Transcriptional regulation of antioxidant genes by specific endogenous factors has been gaining increasing attention [13, 14]. Of interest, Nrf2 has been recognized as a master transcriptional regulator of antioxidant genes [15, 16]. Activated Nrf2 binds to the antioxidant/electrophile response element (ARE/EpRE) in the promoter of target antioxidant genes and regulates their transcription . Numerous studies have demonstrated that loss and/or dysregulation of Nrf2 are often linked with various diseases [18–21]. Davies and co-workers have demonstrated that habitual exercise training decreases oxidative stress [22–24] and recent studies from our laboratory has shown that acute exercise activates Nrf2/ARE signaling promoting the antioxidant defense genes in the myocardium . However, the role of Nrf2 signaling in response to high endurance activity in the atria has not been investigated. In eukaryotic cells, autophagy mechanism is typically used to deliver cytoplasmic proteins and organelles to lysosomes [26, 27]. It is augmented during cell growth, development, and death and has been associated with several pathological conditions such as cancer, neurodegenerative disorders, myopathies, heart and liver diseases, and gastrointestinal disorders . However, the autophagic activity is shown to decline with increasing age that in turn leads to dampened response to stress and thus, inefficient clearance of damaged proteins and organelles in cells and tissues . Herein, the autophagic response was estimated in terms of measuring the levels of LC3, an important regulator that initiates autophagosome biogenesis and Atg7, a key autophagy promoting molecule .
In this study, our goal was to examine the effect of high-intensity exercise stress (HIES) on redox-sensitive, Nrf2 signaling in atria of age and sex matched >20 months old wild-type (WT) and mice genetically engineered to lack Nrf2 (Nrf2−/−). The study tests the hypothesis that genetic disruption or abrogation of Nrf2 in association with high-intensity exercise stress (HIES) could induce atrial remodeling on aging. Given a high predictive value of oxidative stress markers in myocardial injury, fibrosis and cardiac muscle damage as well as a wide knowledge gap with respect to mechanistic understanding of pathological remodeling, our current study will present the biochemical basis of Nrf2 signaling mechanism in the process of atrial cardiomyocyte remodeling that ensue with age-associated oxidative challenge . Further, it will enhance our ability to target the Nrf2 signaling as a potential therapeutic direction and help develop therapeutic agents to control the pathogenesis associated with aging atria.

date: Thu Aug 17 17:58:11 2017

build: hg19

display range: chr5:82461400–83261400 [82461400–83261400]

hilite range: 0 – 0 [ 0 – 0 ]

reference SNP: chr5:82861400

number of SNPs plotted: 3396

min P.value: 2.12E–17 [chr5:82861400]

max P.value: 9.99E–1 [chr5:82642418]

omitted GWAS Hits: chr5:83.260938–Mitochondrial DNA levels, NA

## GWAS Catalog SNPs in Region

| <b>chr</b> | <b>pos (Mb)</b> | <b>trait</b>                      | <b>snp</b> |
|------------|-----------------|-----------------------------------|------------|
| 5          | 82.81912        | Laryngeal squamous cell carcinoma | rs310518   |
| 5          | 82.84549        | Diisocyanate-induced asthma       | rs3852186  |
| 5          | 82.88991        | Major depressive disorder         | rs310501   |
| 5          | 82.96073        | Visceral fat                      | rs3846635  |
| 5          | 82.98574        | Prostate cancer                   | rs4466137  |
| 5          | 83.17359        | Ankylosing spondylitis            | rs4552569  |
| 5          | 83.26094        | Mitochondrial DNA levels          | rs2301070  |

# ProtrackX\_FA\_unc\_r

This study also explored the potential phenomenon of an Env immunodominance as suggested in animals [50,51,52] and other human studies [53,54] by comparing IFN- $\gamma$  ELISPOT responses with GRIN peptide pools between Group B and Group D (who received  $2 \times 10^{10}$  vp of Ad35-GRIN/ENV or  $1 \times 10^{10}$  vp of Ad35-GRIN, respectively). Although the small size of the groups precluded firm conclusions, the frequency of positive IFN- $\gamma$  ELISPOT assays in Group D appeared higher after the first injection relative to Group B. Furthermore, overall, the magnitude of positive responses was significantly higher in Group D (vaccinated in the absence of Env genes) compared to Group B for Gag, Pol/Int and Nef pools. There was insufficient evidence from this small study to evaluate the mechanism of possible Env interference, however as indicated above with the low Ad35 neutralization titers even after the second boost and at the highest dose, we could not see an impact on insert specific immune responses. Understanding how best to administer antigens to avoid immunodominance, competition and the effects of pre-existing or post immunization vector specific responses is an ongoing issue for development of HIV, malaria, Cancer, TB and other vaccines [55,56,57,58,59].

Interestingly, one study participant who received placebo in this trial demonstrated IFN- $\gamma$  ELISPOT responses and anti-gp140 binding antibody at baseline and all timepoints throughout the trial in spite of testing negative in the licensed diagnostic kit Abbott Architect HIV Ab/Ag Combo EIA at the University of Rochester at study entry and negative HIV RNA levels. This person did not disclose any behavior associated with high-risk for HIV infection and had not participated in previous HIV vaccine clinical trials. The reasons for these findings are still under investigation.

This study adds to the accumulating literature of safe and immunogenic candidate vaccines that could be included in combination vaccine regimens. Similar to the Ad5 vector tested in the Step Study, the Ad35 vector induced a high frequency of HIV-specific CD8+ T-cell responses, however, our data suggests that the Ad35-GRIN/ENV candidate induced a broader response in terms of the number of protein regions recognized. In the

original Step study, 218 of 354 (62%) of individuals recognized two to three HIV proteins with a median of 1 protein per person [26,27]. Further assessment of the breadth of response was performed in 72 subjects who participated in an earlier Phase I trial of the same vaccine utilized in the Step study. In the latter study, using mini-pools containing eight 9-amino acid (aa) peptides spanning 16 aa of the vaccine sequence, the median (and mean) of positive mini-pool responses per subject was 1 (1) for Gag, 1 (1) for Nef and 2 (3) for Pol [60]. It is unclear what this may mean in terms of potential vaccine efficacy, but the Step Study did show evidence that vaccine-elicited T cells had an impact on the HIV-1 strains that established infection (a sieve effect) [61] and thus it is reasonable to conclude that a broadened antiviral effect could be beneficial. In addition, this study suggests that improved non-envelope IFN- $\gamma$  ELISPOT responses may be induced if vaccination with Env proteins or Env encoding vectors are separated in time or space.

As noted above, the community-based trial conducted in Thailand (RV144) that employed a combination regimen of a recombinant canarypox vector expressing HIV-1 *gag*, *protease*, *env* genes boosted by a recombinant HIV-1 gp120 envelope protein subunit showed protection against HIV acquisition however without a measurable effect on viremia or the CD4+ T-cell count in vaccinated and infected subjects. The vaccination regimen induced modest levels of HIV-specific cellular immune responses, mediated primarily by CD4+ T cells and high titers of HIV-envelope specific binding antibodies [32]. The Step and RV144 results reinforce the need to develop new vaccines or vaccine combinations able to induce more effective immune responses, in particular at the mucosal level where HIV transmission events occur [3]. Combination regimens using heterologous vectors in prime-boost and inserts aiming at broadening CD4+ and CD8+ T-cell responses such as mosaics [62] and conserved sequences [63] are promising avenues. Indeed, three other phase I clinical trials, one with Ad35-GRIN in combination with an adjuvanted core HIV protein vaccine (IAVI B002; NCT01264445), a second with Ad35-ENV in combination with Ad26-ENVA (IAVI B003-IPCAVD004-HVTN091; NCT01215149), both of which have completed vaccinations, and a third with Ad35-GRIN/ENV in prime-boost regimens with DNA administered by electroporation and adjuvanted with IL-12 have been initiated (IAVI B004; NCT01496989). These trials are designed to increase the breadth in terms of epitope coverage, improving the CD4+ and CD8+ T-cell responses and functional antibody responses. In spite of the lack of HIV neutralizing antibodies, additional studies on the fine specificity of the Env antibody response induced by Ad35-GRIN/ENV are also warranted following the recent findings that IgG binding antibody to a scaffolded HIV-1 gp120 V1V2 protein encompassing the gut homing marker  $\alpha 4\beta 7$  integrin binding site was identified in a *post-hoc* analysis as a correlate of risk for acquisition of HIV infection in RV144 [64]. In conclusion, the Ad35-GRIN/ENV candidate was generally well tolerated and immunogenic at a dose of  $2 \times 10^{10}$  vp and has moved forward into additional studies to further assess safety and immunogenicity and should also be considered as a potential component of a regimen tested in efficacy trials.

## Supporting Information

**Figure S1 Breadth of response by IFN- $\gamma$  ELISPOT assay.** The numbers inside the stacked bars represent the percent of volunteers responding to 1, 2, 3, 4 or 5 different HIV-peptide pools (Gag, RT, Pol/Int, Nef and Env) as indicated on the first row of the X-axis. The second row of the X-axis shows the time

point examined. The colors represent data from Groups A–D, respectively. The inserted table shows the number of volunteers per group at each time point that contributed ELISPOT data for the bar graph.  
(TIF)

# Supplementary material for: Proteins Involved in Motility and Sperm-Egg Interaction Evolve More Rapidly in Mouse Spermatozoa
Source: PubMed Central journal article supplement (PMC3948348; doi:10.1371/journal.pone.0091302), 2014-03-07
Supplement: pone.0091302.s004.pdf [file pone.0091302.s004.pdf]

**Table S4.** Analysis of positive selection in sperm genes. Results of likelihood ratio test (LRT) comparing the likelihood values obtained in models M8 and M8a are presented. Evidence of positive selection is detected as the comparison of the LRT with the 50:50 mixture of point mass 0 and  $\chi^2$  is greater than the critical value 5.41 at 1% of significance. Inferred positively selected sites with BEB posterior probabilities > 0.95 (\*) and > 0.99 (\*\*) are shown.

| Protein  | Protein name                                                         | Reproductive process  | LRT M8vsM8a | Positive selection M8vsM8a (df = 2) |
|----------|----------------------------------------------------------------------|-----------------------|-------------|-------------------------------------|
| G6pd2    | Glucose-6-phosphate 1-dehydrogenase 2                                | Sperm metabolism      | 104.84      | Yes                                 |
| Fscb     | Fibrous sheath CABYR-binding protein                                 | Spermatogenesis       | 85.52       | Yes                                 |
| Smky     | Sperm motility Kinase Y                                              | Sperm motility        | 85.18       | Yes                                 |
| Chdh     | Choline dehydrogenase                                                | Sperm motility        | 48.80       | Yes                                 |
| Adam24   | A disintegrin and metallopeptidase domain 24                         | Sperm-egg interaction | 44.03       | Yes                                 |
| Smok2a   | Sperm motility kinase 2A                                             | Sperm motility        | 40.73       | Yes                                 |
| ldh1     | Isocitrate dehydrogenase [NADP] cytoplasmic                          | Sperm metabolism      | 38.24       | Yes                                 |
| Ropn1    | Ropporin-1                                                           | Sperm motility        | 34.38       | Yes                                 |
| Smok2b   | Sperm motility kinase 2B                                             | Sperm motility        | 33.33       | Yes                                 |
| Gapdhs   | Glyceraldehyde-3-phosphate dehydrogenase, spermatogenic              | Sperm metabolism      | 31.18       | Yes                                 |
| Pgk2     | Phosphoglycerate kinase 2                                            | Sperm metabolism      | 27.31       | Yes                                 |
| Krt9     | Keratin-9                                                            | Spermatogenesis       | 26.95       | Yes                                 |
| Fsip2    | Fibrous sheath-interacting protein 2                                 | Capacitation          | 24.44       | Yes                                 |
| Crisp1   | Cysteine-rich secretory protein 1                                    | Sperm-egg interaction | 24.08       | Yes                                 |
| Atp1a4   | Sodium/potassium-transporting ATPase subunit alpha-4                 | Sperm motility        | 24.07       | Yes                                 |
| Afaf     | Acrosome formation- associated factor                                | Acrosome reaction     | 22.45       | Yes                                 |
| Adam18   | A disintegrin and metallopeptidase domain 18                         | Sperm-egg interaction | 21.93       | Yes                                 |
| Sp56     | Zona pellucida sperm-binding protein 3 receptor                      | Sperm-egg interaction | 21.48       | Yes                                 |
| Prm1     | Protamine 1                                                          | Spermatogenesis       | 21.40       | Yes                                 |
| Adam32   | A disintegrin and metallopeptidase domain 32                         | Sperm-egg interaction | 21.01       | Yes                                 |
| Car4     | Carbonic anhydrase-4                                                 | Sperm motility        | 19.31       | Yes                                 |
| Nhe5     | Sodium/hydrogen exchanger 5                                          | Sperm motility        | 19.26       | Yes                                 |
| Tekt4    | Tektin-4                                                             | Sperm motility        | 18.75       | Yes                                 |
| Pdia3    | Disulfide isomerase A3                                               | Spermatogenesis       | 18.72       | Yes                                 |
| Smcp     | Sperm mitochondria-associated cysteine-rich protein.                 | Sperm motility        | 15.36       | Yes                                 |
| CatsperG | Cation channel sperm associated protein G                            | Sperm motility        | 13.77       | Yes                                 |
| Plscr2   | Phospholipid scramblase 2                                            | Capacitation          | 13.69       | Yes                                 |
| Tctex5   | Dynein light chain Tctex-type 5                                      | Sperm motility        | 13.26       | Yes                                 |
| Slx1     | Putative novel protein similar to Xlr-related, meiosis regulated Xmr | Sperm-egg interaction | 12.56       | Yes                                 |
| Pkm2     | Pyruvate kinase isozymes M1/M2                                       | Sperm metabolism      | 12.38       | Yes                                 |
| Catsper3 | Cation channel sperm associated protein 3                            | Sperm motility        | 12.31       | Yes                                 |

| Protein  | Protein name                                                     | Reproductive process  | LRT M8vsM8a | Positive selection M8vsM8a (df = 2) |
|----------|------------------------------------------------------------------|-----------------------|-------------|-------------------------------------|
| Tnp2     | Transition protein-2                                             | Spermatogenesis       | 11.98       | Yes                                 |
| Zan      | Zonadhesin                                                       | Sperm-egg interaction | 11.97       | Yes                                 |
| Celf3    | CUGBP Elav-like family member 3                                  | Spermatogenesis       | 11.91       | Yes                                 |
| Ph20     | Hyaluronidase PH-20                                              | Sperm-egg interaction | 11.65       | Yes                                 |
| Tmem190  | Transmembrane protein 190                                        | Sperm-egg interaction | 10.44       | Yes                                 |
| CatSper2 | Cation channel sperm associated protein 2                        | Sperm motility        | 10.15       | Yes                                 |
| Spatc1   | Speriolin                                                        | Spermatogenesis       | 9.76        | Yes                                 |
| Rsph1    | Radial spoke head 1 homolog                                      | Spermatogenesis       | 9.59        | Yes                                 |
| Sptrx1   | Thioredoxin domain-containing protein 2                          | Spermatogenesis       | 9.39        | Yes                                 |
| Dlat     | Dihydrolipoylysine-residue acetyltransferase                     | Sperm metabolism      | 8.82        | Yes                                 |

C57/BL6/SJ wild-type (WT) and Nrf2 knock out (Nrf2−/−) (C57/BL6/SJ background) mice (>20 months of age) were used to study the effect of redox imbalances in atria. Mice were obtained from Dr. Li Wang (University of Utah, USA). The animals were maintained in the Small Animal Housing and Research Facility at University of Utah. Mice were housed not more than n = 5/cage with free access to food (standard rodent diet) and water ad libitum and maintained under conditions controlled for temperature and humidity, artificial lighting for 12-h from 6 AM to 6 PM light/dark cycle. The animal exercise and usage protocols were approved by Institutional Animal Care and Use Committee (IACUC) of University of Utah and then by the University of Alabama at Birmingham.
High-intensity exercise program
Wild-type and Nrf2−/− mice (n = 3–4/group/experiment) were randomly assigned for high-intensity exercise (HIES) on a treadmill as described previously . The HIES protocol was developed based on our previous exercise protocols ranging from acute-moderate, acute-endurance, short-term moderate and long-term endurance regimen [18, 25, 32, 33]. Briefly, HIES mice were run on the treadmill for 6 weeks at 20–25 m/min; 12 % grade for 60 min per day. Before subjecting the mice for HIES, they were trained for 1 week on the treadmill for 10 min; 15–22 m/min; 0–12 % grade to check their endurance ability. Equal numbers of mice were assigned to the sedentary group and were not subjected to HIES. After 6 weeks of HIES, mice were sacrificed by CO2 inhalation and tissues were harvested after 3 h following the last bout of exercise. Left and right atria were carefully dissected out by removing ventricles, aorta and fat bodies using a dissection microscope. Then the atria were stored either in RNA later (Sigma) followed by frozen at −80 °C or embedded in O.C.T media and flash frozen in liquid nitrogen and stored for subsequent analyses.
RNA isolation, reverse transcription and qRT-PCR
List of the primers used for the qRT-PCR analysis
Wheat germ agglutinin staining (WGA)
10 μm cryostat sections of atrial tissues from all the experimental animals were fixed in 4 % paraformaldehyde for 15 min and followed by three washes with PBS. Then the tissue sections were labeled with 5 µg/ml of WGA in PBS, wheat germ agglutinin, oregon green 488 Conjugate (W6748, Molecular Probes, Inc.) for 30 min in a light protected chamber maintained at 37 °C incubator for 30 min. Slides were then washed in PBS and fixed with fluoroshield mounting medium with DAPI (ab104139, Abcam, Cambridge, MA, USA) and the images were captured using a confocal laser microscope (Nikon A1Confocal, Nikon Instruments Inc.) using a 60× objective .